The Art of Fate
By Michael Wagar
Fred Nicholson’s writings about his family’s life have appeared off-off Broadway in New York City. He’s carved wooden figures for seven months in a small village on the island of Bali in Indonesia. Destiny has also taken Nicholson through the horror of the Vietnam War and monastery life in Asia.
Today, Nicholson believes fate has brought him to live in Kingston, working for the Boxlight Corporation as a salesman of computer projection equipment by day and the rest of the time embarking on an intense, near-obsessive passion of creating intricate collages that run from the personal to the spiritual.
With the barrage of images making up each collage, Nicholson allows the viewer to make the interpretation. His hope is to provoke some thought, some emotion.
“It helps people to feel something,” Nicholson said. “It doesn’t matter if they like it.”
Nicholson’s collages, made up of hundreds of pictures cut from books, magazines and whatever the spirit moves him to rend, are painstakingly glued together to form a large, usually about 3-foot-by-4-foot, image.
Two of his pieces were shown at the Artists’ Edge gallery in Manette early this year.
Barnes & Noble Booksellers in Silverdale will exhibit four more of Nicholson’s collages during August.
Brian Watson, the gallery coordinator for Artist’s Edge, said Nicholson’s collages are “graphically strong.”
Watson was impressed with a collage titled “Spirit Rising,” which at first glance pulls the viewer in with images of skulls with snakes and worms writhing through the eyes.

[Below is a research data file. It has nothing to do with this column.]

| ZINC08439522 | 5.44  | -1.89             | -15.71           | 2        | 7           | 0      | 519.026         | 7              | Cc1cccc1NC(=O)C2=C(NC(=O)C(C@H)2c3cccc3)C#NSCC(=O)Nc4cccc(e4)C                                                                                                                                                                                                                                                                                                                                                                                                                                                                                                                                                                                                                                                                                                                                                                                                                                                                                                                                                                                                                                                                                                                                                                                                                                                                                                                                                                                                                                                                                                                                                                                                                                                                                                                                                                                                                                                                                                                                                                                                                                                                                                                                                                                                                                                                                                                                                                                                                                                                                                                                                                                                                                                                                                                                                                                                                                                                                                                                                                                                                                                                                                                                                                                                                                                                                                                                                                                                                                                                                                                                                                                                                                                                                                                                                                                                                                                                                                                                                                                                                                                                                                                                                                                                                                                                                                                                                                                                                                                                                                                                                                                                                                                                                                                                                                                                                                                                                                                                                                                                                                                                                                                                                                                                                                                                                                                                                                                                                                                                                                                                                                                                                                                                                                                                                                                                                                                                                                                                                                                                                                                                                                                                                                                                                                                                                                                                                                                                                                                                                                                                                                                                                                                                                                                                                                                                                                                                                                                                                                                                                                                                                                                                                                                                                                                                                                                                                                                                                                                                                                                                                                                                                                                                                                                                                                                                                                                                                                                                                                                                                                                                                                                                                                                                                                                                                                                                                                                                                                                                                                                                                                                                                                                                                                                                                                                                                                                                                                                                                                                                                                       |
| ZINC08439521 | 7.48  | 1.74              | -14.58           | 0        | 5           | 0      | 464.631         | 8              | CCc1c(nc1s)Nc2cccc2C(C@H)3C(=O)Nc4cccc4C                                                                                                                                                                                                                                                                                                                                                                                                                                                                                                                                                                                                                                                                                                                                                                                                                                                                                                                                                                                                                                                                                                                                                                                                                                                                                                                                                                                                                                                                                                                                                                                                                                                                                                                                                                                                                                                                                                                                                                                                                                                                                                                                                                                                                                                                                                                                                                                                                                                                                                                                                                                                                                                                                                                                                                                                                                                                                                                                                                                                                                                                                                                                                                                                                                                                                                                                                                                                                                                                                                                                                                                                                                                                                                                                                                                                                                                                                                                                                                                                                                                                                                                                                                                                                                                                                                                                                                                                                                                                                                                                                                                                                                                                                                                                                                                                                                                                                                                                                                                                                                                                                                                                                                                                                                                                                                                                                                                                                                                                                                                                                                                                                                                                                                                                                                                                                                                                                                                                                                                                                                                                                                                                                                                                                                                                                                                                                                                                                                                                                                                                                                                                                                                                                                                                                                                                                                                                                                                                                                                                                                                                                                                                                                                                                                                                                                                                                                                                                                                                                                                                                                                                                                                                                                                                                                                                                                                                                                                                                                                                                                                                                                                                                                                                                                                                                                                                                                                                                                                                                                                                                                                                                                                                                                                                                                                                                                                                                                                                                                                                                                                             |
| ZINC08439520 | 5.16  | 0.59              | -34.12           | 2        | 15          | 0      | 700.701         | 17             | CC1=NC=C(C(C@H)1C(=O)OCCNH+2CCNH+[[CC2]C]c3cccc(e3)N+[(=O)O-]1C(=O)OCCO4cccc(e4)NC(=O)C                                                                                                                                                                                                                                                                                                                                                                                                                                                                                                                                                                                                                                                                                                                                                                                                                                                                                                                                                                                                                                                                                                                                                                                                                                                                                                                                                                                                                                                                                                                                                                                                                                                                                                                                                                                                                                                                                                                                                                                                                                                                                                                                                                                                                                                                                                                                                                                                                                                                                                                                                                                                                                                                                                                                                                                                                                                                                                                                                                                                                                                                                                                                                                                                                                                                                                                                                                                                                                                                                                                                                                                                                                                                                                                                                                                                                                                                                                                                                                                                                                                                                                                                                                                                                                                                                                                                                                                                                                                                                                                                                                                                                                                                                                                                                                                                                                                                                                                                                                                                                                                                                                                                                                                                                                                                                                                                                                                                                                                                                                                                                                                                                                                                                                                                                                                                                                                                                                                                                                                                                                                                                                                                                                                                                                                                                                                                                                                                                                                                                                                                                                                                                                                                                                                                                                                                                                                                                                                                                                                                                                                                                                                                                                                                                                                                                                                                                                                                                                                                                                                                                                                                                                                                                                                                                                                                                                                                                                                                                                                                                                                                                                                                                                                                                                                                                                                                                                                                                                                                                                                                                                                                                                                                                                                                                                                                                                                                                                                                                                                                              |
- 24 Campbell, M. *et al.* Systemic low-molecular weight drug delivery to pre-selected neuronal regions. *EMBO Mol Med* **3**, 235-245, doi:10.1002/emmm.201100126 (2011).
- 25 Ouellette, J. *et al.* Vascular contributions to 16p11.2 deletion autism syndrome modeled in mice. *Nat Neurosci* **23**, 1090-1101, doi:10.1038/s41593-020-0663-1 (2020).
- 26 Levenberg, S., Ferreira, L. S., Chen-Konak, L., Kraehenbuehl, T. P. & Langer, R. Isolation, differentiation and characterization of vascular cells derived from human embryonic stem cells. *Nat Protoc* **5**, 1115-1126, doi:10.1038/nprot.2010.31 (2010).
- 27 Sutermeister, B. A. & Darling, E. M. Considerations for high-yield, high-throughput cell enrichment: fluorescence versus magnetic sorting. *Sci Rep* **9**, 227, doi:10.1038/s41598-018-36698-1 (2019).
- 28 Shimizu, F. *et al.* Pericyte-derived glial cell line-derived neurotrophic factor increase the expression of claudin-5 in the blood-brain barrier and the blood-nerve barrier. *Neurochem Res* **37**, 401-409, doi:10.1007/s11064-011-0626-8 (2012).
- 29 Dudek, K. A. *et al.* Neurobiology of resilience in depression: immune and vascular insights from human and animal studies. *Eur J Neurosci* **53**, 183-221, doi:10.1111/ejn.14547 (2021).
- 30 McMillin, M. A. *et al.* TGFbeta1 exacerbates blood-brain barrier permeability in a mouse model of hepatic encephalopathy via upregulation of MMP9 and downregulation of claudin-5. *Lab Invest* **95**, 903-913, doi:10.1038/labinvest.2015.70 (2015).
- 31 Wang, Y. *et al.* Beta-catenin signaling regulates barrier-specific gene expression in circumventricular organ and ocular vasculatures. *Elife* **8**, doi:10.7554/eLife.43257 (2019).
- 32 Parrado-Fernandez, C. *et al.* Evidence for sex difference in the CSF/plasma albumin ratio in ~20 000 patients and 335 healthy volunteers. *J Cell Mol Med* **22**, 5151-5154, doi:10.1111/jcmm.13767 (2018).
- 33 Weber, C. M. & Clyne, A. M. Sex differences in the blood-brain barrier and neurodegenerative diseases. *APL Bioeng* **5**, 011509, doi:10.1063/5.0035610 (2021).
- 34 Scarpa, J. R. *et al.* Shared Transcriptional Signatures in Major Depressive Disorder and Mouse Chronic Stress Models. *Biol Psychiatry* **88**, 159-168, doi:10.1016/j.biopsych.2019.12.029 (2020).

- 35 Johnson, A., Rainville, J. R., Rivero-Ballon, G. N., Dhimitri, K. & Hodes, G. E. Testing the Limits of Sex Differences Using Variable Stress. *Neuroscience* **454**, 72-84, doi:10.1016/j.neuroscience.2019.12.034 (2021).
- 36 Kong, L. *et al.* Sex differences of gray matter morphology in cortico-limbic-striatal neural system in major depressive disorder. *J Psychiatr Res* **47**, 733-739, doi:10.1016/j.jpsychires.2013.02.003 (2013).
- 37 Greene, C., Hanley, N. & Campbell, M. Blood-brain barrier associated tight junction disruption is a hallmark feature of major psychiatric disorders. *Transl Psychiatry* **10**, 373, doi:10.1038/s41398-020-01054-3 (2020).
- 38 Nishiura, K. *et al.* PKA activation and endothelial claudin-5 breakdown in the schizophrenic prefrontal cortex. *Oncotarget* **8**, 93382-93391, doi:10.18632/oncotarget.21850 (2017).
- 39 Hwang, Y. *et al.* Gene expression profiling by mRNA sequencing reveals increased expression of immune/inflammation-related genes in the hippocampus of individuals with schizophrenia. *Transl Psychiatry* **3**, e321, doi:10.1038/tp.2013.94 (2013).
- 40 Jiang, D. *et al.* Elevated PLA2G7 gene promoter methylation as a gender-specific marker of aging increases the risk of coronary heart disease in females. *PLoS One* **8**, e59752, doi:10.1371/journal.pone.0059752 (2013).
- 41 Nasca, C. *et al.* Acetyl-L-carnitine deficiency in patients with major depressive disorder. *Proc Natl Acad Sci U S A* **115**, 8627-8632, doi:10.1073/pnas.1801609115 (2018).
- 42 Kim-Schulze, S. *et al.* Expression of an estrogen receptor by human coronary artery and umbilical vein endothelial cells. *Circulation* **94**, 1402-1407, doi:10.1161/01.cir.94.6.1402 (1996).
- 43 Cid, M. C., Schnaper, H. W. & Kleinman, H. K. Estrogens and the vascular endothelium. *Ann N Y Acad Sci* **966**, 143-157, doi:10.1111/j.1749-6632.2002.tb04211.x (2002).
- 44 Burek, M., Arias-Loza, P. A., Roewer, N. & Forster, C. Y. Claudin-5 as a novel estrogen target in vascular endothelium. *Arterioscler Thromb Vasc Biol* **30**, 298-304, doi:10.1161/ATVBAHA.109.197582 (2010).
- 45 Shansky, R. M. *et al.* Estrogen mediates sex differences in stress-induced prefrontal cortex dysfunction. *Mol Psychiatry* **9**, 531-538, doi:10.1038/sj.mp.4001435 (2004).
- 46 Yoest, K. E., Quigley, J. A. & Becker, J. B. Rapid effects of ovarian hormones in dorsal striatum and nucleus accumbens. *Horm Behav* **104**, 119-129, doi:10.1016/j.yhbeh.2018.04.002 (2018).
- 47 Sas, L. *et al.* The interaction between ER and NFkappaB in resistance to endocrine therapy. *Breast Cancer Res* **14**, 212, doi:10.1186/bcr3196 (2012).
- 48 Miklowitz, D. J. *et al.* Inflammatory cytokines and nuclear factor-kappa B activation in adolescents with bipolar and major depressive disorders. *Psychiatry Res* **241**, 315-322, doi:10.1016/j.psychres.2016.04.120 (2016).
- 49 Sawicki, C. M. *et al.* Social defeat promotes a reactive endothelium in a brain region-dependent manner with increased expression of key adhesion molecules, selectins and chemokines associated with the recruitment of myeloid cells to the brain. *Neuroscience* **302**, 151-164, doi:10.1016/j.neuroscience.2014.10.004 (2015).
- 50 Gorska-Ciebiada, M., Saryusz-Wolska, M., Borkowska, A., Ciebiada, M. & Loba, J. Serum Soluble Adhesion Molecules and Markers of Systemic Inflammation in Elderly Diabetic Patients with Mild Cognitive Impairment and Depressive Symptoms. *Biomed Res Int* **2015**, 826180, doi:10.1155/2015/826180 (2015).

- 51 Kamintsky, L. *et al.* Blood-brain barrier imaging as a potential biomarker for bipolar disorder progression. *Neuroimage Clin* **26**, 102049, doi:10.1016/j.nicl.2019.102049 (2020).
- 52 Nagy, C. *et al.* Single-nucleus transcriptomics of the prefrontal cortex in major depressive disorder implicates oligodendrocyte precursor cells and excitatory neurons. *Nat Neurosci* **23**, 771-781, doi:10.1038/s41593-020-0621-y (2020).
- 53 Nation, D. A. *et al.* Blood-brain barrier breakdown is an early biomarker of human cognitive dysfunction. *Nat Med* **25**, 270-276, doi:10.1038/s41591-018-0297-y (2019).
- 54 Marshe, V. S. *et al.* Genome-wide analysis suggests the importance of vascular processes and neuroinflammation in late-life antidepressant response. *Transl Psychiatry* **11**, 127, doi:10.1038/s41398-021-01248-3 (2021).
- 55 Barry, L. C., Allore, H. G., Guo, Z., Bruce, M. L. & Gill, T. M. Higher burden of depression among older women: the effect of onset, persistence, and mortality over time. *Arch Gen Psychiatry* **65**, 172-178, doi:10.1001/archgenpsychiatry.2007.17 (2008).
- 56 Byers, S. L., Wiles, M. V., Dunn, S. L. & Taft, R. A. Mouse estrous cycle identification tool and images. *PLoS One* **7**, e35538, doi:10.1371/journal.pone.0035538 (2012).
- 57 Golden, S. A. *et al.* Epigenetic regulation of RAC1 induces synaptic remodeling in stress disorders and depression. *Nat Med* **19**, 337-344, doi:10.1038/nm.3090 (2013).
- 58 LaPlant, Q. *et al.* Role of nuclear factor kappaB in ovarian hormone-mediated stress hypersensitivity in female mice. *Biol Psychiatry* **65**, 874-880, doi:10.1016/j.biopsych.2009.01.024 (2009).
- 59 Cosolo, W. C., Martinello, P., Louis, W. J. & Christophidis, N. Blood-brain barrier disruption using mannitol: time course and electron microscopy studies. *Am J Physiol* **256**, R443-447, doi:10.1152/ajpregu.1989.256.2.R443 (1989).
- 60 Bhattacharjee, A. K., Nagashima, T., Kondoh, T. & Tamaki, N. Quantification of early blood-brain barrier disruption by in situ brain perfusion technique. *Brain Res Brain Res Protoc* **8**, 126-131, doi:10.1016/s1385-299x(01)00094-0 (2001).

“It came to me, I had to do something, but I had no idea,” Nicholson said, explaining the start of “Spirit Rising.” “I just knew it was going to be about life and death and rebirth.”
The collage includes several images of the earth, including one in which the planet is blown up in an atomic explosion. Spirits flow out of the broken world. Nicholson said there is no fear, because even if the earth is scorched, the spirit of humans would survive.
“Some of his images are disturbing,” Watson said. “ They’re meant to be arresting to draw the viewer in. Once the viewer is captivated, more is revealed. I think the viewer comes away with a sense that something needs to be changed in the world around us. A lot of his other things are joyful.”
Nicholson also has made a few ‘personal’ collages, where he mixes images with family photos. These tend to celebrate the family members and interests of a central person.
“It almost brings tears to your eyes,” Watson said. “You can tell, with the care he has to cut each piece, how much love he’s putting into each of his pieces, and that to me is what gives his pieces their really powerful qualities.”
On a personal collage he made for a colleague, Nicholson spent almost three months collecting images.
It took him another four days to glue the images together, including 48 sleepless hours during the last two days.
He said that throughout the process he is a faucet for a higher power.
“I felt like I was a vehicle, a tool,” Nicholson said. “It was like a higher nature directed me. I felt like a marionette. I became the observer, not the doer.”
Nicholson said when he attempts to get in the way of his work, when he begins to judge it, to wonder if this picture is right, this one wrong, the process is fouled.
“I find more and more in my life when I just am, and not judging what I’m doing – good, bad, failure, success – then I’m not following my mind, I’m following my feet,” Nicholson said. “And when I’m following my feet, I end up with a smile on my face because that’s where I’m supposed to be.
The Kitsap SUN, Thursday, July 23, 1998